***On December 7, 2020 the Department of Homeland Security (DHS) issued an update regarding Deferred Action for Childhood Arrivals (DACA).***
In accordance with a December 4, 2020 order from a U.S. District Court, effective December 7, 2020, U.S. Citizenship and Immigration Services (USCIS) is:
- Accepting first-time requests for consideration of deferred action under DACA based on the terms of the DACA policy in effect prior to September 5, 2017. This means that people who have never had DACA, can now apply if they qualify. Here is who is eligible:
- Arrived in the U.S. before turning 16, and before June 15, 2007
- Have resided in U.S. continuously since June 15, 2007 – June 15, 2012 and through to present day
- Were born after June 15, 1981 (aged 30 or under as of June 15, 2012), and at least 15 years old
- Currently be in school, have graduated from high school, have obtained a general education development certificate, or are honorably discharged veterans of the Coast Guard or Armed Forces of the U.S.
- Have not been convicted of a felony offense, a significant misdemeanor offense, multiple misdemeanor offenses, or otherwise pose a threat to national security or public safety.
- Accepting DACA renewal requests based on the terms of the DACA policy in effect prior to September 5, 2017. This means you can apply for a renewal more than 150 days before your card expires (although now there should be less of a need to do that).
- Accepting applications for advance parole travel documents based on the terms of the DACA policy prior to September 5, 2017. This means you can apply for advance parole if you have a valid school, work, or humanitarian need to travel.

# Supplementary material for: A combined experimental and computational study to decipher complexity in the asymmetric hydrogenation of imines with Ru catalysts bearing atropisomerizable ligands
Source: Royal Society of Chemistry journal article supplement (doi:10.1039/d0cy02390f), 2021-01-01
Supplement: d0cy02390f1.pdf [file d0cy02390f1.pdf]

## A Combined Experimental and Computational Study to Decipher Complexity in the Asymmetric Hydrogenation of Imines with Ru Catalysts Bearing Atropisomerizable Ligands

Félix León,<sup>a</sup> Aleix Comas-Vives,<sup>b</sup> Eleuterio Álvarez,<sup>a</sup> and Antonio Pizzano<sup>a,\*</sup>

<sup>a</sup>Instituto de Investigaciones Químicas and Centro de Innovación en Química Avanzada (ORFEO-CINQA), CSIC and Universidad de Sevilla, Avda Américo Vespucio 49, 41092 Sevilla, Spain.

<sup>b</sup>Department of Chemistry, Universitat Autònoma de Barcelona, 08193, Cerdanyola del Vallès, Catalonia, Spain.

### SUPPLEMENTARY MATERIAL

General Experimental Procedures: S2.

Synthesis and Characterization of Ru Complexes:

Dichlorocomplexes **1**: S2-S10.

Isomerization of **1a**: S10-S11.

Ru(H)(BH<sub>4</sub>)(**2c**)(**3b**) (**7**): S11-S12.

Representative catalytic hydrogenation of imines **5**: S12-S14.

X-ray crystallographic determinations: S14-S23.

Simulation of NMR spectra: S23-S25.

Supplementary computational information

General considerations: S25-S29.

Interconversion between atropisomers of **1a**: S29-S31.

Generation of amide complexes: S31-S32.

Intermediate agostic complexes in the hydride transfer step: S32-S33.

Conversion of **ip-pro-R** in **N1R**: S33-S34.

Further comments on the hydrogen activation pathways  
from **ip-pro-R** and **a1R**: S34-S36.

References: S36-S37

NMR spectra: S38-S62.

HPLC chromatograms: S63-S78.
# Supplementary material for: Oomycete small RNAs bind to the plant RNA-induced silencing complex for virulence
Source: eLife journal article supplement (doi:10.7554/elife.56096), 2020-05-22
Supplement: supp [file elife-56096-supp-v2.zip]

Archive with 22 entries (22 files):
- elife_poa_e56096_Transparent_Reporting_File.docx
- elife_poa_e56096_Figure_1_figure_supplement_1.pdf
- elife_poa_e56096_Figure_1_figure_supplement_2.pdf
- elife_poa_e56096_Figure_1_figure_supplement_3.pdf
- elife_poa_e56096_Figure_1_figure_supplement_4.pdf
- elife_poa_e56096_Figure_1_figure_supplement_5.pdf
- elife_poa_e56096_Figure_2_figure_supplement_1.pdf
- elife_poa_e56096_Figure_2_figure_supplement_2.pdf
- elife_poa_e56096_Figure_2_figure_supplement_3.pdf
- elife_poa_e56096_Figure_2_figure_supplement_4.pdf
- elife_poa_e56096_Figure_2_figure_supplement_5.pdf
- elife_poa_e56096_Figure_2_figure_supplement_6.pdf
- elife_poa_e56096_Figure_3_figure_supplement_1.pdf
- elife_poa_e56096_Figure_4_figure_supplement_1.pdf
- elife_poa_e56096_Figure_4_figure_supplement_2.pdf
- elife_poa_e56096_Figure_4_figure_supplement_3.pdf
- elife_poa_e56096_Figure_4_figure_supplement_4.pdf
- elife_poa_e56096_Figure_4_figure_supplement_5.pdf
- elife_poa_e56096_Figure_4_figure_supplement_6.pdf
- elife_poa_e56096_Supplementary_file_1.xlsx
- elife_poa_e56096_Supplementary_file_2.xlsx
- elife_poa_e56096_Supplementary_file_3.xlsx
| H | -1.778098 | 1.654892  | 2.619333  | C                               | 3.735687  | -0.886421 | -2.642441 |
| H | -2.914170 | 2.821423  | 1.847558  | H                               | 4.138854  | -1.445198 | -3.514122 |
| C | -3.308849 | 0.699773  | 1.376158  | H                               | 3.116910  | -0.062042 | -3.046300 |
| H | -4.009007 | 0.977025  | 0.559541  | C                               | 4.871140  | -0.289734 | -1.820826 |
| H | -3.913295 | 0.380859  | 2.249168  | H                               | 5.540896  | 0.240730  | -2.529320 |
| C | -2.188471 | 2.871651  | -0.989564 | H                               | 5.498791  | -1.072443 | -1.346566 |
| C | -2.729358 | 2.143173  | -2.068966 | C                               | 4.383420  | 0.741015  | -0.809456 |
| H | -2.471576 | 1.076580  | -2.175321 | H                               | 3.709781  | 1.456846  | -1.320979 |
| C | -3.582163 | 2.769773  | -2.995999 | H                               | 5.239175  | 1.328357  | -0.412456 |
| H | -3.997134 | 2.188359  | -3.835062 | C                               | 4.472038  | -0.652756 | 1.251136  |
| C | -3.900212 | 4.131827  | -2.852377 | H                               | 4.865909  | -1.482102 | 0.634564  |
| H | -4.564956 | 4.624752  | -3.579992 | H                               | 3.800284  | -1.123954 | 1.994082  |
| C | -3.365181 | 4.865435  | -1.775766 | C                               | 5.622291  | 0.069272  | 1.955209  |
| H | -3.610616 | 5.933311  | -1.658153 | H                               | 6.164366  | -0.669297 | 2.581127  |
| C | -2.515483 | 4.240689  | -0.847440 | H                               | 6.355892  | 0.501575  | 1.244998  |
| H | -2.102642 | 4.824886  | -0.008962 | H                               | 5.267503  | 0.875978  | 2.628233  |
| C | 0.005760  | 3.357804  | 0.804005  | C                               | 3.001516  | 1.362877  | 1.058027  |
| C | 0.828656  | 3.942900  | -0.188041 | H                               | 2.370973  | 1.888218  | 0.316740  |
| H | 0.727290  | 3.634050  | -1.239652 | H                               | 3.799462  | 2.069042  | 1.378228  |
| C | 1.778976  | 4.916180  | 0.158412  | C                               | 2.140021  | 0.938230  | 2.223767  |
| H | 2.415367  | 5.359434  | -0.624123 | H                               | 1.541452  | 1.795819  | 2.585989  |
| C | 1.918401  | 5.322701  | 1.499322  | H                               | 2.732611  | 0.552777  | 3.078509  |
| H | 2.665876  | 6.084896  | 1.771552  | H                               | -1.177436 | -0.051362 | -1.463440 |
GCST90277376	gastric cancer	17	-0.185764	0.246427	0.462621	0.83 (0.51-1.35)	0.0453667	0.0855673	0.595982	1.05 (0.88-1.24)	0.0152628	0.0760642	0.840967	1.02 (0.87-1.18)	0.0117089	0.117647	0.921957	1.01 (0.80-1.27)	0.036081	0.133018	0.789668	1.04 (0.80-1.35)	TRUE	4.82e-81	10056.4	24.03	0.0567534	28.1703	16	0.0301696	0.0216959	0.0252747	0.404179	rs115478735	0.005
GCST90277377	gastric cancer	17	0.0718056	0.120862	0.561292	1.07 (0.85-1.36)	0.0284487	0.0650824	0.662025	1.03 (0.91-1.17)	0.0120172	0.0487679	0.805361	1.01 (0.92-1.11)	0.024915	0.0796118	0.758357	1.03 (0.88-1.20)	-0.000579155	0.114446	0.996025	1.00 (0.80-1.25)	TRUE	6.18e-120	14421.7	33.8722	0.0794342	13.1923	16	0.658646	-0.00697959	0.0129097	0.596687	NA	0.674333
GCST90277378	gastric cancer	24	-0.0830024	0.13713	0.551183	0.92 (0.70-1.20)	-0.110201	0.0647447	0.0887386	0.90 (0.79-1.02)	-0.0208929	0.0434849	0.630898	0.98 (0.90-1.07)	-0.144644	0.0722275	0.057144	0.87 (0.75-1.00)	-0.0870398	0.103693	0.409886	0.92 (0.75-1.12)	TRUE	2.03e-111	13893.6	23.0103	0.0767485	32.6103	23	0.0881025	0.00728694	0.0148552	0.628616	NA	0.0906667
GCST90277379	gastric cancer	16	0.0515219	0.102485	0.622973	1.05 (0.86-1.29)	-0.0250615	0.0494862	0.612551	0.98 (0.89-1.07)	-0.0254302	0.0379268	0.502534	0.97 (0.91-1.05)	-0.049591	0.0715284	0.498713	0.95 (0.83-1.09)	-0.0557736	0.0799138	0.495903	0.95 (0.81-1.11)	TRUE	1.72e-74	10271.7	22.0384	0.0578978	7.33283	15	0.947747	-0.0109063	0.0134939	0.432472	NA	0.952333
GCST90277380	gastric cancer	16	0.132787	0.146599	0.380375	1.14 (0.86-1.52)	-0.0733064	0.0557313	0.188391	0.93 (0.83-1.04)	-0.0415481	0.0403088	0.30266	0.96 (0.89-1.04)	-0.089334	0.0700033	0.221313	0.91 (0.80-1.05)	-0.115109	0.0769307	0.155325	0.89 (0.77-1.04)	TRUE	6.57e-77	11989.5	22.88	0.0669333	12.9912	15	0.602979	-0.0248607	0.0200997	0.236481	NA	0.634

- Extending one-year grants of deferred action under DACA to two years and extending one-year employment authorization documents under DACA to two years.
USCIS has stated that it will take appropriate steps to provide evidence of the one-year extensions of deferred action and employment authorization documents under DACA to individuals who were issued documentation on or after July 28, 2020, with a one-year validity period. This means that they should soon publish a notice that you can give to your employer that will automatically extend your one year DACA work permit for a second year. You can also file for renewal if you prefer.
DHS noted that it will comply with the judge’s order while it remains in effect, but added that it may seek relief from the order. This means that the window to apply for initial applications could close again, but we expect that the new administration will open the window again shortly after January 20, 2021.
For additional information, please see the USCIS news alert and please call your nearest IIBA office to get more information about how to apply.